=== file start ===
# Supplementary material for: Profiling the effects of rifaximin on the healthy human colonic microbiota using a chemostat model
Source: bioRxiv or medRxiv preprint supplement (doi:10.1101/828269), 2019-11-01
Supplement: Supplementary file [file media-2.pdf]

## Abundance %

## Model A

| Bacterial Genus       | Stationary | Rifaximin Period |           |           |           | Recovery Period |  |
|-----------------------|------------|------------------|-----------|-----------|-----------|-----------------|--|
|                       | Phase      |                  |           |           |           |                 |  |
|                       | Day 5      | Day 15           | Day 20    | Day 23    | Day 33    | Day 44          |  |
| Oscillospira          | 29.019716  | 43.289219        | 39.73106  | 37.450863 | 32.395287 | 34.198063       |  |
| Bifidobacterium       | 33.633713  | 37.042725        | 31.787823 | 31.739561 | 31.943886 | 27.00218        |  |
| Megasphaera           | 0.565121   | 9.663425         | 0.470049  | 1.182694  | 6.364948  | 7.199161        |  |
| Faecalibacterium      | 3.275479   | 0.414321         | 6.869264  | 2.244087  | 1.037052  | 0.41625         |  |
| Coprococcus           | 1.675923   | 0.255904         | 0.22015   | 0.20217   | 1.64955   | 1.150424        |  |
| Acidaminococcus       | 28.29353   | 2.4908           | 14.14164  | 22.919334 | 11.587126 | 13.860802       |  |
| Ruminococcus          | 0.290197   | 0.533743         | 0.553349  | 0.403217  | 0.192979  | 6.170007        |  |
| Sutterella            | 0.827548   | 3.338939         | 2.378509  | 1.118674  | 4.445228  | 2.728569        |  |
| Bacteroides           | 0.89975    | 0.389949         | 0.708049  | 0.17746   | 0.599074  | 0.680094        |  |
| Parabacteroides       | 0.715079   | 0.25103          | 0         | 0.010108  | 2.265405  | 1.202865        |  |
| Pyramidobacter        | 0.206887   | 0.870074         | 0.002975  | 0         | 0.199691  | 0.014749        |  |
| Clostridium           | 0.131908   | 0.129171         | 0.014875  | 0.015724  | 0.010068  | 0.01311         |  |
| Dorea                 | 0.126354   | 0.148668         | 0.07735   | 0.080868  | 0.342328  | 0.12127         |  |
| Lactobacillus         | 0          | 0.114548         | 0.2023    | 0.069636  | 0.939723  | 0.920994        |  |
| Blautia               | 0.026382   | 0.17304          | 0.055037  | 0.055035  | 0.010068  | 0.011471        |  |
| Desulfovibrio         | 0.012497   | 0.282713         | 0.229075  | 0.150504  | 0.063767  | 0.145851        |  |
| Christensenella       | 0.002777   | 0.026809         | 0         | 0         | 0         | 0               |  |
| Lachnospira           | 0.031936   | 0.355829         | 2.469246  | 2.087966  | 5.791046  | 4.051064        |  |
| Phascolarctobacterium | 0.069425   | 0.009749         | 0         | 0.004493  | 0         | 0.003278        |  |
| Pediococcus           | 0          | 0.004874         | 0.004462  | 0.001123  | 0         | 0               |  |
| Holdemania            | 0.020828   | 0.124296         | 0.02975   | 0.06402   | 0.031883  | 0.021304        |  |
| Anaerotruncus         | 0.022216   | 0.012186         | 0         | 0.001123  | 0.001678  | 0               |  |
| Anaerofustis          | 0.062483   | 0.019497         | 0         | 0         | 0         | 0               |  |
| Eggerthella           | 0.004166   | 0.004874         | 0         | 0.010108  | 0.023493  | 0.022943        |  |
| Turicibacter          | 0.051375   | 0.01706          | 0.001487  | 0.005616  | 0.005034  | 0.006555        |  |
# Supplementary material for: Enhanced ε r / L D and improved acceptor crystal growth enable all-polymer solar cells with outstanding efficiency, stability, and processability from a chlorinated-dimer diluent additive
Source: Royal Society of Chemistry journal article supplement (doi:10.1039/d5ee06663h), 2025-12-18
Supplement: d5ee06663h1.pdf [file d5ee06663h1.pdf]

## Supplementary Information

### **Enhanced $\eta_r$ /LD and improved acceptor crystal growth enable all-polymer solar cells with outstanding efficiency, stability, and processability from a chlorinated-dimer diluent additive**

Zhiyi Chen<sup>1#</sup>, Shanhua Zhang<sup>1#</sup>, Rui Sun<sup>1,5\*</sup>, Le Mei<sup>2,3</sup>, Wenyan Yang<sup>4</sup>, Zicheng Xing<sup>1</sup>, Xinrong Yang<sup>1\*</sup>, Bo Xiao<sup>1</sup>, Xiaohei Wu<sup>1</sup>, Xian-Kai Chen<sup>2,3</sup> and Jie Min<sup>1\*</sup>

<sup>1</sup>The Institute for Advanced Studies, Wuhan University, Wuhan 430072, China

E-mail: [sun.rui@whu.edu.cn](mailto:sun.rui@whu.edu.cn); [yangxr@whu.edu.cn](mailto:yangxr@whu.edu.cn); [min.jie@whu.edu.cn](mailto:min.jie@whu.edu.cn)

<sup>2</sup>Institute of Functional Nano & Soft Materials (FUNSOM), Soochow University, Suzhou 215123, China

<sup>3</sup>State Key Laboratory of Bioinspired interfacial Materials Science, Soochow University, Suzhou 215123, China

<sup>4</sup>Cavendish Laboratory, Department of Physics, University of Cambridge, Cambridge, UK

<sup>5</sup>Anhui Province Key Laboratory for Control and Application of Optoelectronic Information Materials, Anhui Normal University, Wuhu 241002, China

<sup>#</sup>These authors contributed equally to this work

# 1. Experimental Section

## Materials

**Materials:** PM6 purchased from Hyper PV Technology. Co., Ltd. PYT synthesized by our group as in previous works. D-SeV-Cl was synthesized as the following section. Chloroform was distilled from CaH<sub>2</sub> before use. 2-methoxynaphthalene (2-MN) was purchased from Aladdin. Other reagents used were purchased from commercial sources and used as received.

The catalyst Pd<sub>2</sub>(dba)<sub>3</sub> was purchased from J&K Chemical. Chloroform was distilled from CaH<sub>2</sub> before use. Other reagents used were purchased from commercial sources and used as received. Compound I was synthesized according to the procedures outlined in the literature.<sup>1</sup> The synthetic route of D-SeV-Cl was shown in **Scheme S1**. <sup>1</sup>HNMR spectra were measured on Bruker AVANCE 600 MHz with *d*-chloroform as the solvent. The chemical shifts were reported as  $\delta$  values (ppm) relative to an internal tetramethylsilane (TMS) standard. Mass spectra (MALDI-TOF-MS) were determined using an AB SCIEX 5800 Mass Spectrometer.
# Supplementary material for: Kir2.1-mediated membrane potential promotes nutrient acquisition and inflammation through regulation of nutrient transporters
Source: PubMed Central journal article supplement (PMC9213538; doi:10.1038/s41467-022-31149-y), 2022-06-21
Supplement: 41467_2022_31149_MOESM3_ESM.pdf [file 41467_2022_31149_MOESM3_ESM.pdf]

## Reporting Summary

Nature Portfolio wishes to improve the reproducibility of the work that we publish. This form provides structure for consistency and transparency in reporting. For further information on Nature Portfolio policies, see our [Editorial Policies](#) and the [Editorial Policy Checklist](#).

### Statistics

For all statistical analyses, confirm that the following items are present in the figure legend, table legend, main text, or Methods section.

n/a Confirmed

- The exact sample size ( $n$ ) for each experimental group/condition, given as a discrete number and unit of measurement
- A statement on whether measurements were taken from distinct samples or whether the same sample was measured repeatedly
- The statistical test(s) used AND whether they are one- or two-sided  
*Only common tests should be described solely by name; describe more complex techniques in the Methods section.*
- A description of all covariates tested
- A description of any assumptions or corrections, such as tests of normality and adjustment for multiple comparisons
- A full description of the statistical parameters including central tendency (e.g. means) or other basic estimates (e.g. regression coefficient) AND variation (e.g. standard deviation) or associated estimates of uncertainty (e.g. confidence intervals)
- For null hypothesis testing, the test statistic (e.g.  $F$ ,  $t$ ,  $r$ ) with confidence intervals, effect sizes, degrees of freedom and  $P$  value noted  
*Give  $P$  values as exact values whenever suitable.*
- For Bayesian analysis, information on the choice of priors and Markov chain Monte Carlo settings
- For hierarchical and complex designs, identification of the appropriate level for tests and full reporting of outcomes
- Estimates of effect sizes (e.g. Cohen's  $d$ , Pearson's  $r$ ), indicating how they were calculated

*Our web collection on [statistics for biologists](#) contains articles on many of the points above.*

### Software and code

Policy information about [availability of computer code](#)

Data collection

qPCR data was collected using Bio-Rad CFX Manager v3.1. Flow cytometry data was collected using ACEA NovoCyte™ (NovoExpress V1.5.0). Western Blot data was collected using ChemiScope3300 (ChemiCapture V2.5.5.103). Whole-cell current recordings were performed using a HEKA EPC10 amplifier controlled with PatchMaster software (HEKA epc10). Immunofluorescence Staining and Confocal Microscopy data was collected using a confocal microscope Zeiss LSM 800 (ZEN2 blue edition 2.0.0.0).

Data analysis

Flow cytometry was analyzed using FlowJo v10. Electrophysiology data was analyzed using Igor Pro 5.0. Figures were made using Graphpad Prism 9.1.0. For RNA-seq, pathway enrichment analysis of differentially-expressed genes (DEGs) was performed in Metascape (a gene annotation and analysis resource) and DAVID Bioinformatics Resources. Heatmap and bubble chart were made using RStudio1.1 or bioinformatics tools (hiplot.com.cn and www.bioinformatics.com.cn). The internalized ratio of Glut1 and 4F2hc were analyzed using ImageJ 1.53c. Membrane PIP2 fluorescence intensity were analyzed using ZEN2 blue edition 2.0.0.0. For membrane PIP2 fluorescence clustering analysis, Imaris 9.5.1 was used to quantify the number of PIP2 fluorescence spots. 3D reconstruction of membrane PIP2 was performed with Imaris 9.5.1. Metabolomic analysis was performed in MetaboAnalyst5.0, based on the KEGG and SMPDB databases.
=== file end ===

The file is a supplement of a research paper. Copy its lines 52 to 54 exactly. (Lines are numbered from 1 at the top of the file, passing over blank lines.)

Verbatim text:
# Supplementary material for: Kir2.1-mediated membrane potential promotes nutrient acquisition and inflammation through regulation of nutrient transporters
Source: PubMed Central journal article supplement (PMC9213538; doi:10.1038/s41467-022-31149-y), 2022-06-21
Supplement: 41467_2022_31149_MOESM3_ESM.pdf [file 41467_2022_31149_MOESM3_ESM.pdf]